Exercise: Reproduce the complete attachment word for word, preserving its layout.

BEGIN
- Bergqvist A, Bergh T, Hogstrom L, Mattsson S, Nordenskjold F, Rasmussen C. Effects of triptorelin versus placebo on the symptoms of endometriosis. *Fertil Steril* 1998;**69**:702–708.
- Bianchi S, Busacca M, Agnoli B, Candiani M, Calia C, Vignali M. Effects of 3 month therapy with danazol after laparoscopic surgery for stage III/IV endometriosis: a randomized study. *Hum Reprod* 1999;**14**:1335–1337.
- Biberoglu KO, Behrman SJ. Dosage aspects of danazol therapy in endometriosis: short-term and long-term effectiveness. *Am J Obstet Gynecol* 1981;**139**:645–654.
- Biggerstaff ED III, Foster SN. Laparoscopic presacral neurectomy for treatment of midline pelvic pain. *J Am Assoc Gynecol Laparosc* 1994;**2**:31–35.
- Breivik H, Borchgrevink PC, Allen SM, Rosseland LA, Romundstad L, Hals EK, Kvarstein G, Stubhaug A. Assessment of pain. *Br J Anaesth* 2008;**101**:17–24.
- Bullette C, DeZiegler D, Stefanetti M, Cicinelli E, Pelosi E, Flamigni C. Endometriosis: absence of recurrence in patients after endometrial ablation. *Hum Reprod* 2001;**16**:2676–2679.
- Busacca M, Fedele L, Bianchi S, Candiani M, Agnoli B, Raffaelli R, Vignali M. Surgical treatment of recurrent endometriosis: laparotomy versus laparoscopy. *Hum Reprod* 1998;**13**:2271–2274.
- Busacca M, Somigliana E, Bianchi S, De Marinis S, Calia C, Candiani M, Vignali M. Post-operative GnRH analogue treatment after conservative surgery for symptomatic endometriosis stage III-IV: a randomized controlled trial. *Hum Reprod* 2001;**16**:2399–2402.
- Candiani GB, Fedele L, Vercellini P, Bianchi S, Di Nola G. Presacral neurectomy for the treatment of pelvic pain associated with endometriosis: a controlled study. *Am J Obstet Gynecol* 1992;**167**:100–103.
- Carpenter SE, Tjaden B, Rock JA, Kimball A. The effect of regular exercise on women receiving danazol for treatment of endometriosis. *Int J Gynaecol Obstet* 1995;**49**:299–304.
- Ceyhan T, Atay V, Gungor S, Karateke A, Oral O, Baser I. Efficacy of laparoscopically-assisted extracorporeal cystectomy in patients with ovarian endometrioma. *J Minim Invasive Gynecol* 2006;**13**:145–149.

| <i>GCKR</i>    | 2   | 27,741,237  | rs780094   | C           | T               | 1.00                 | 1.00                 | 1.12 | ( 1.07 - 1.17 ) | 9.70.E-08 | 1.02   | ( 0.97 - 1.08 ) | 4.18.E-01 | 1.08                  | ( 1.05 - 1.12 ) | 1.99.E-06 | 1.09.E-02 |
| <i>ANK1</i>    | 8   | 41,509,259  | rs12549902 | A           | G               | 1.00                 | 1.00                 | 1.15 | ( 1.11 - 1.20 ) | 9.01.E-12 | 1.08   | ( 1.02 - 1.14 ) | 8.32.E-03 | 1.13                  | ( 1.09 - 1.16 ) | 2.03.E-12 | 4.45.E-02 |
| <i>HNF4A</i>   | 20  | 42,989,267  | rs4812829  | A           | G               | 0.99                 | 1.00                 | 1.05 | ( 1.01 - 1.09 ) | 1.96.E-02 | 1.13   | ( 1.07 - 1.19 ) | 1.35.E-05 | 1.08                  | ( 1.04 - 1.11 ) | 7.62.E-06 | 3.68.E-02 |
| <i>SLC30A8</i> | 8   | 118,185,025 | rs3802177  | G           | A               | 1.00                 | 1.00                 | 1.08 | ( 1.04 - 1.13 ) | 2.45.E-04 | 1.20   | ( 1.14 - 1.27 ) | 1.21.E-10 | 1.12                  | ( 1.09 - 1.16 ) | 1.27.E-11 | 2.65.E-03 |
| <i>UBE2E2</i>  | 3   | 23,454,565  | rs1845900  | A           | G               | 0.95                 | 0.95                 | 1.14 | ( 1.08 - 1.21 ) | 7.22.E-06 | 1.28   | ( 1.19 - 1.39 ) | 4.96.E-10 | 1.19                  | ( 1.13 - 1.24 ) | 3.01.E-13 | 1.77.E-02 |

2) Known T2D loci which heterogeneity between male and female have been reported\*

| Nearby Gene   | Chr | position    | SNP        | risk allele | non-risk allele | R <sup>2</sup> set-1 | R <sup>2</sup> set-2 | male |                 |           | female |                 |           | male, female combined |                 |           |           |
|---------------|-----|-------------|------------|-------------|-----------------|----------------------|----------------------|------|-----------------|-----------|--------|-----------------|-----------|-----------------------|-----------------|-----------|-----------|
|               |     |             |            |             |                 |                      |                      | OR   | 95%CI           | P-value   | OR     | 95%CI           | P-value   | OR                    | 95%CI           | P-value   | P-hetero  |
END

- Bergqvist A, Bergh T, Hogstrom L, Mattsson S, Nordenskjold F, Rasmussen C. Effects of triptorelin versus placebo on the symptoms of endometriosis. *Fertil Steril* 1998;**69**:702–708.
- Bianchi S, Busacca M, Agnoli B, Candiani M, Calia C, Vignali M. Effects of 3 month therapy with danazol after laparoscopic surgery for stage III/IV endometriosis: a randomized study. *Hum Reprod* 1999;**14**:1335–1337.
- Biberoglu KO, Behrman SJ. Dosage aspects of danazol therapy in endometriosis: short-term and long-term effectiveness. *Am J Obstet Gynecol* 1981;**139**:645–654.
- Biggerstaff ED III, Foster SN. Laparoscopic presacral neurectomy for treatment of midline pelvic pain. *J Am Assoc Gynecol Laparosc* 1994;**2**:31–35.
- Breivik H, Borchgrevink PC, Allen SM, Rosseland LA, Romundstad L, Hals EK, Kvarstein G, Stubhaug A. Assessment of pain. *Br J Anaesth* 2008;**101**:17–24.
- Bullette C, DeZiegler D, Stefanetti M, Cicinelli E, Pelosi E, Flamigni C. Endometriosis: absence of recurrence in patients after endometrial ablation. *Hum Reprod* 2001;**16**:2676–2679.
- Busacca M, Fedele L, Bianchi S, Candiani M, Agnoli B, Raffaelli R, Vignali M. Surgical treatment of recurrent endometriosis: laparotomy versus laparoscopy. *Hum Reprod* 1998;**13**:2271–2274.
- Busacca M, Somigliana E, Bianchi S, De Marinis S, Calia C, Candiani M, Vignali M. Post-operative GnRH analogue treatment after conservative surgery for symptomatic endometriosis stage III-IV: a randomized controlled trial. *Hum Reprod* 2001;**16**:2399–2402.
- Candiani GB, Fedele L, Vercellini P, Bianchi S, Di Nola G. Presacral neurectomy for the treatment of pelvic pain associated with endometriosis: a controlled study. *Am J Obstet Gynecol* 1992;**167**:100–103.
- Carpenter SE, Tjaden B, Rock JA, Kimball A. The effect of regular exercise on women receiving danazol for treatment of endometriosis. *Int J Gynaecol Obstet* 1995;**49**:299–304.
- Ceyhan T, Atay V, Gungor S, Karateke A, Oral O, Baser I. Efficacy of laparoscopically-assisted extracorporeal cystectomy in patients with ovarian endometrioma. *J Minim Invasive Gynecol* 2006;**13**:145–149.

| <i>GCKR</i>    | 2   | 27,741,237  | rs780094   | C           | T               | 1.00                 | 1.00                 | 1.12 | ( 1.07 - 1.17 ) | 9.70.E-08 | 1.02   | ( 0.97 - 1.08 ) | 4.18.E-01 | 1.08                  | ( 1.05 - 1.12 ) | 1.99.E-06 | 1.09.E-02 |
| <i>ANK1</i>    | 8   | 41,509,259  | rs12549902 | A           | G               | 1.00                 | 1.00                 | 1.15 | ( 1.11 - 1.20 ) | 9.01.E-12 | 1.08   | ( 1.02 - 1.14 ) | 8.32.E-03 | 1.13                  | ( 1.09 - 1.16 ) | 2.03.E-12 | 4.45.E-02 |
| <i>HNF4A</i>   | 20  | 42,989,267  | rs4812829  | A           | G               | 0.99                 | 1.00                 | 1.05 | ( 1.01 - 1.09 ) | 1.96.E-02 | 1.13   | ( 1.07 - 1.19 ) | 1.35.E-05 | 1.08                  | ( 1.04 - 1.11 ) | 7.62.E-06 | 3.68.E-02 |
| <i>SLC30A8</i> | 8   | 118,185,025 | rs3802177  | G           | A               | 1.00                 | 1.00                 | 1.08 | ( 1.04 - 1.13 ) | 2.45.E-04 | 1.20   | ( 1.14 - 1.27 ) | 1.21.E-10 | 1.12                  | ( 1.09 - 1.16 ) | 1.27.E-11 | 2.65.E-03 |
| <i>UBE2E2</i>  | 3   | 23,454,565  | rs1845900  | A           | G               | 0.95                 | 0.95                 | 1.14 | ( 1.08 - 1.21 ) | 7.22.E-06 | 1.28   | ( 1.19 - 1.39 ) | 4.96.E-10 | 1.19                  | ( 1.13 - 1.24 ) | 3.01.E-13 | 1.77.E-02 |

2) Known T2D loci which heterogeneity between male and female have been reported\*

| Nearby Gene   | Chr | position    | SNP        | risk allele | non-risk allele | R <sup>2</sup> set-1 | R <sup>2</sup> set-2 | male |                 |           | female |                 |           | male, female combined |                 |           |           |
|---------------|-----|-------------|------------|-------------|-----------------|----------------------|----------------------|------|-----------------|-----------|--------|-----------------|-----------|-----------------------|-----------------|-----------|-----------|
|               |     |             |            |             |                 |                      |                      | OR   | 95%CI           | P-value   | OR     | 95%CI           | P-value   | OR                    | 95%CI           | P-value   | P-hetero  |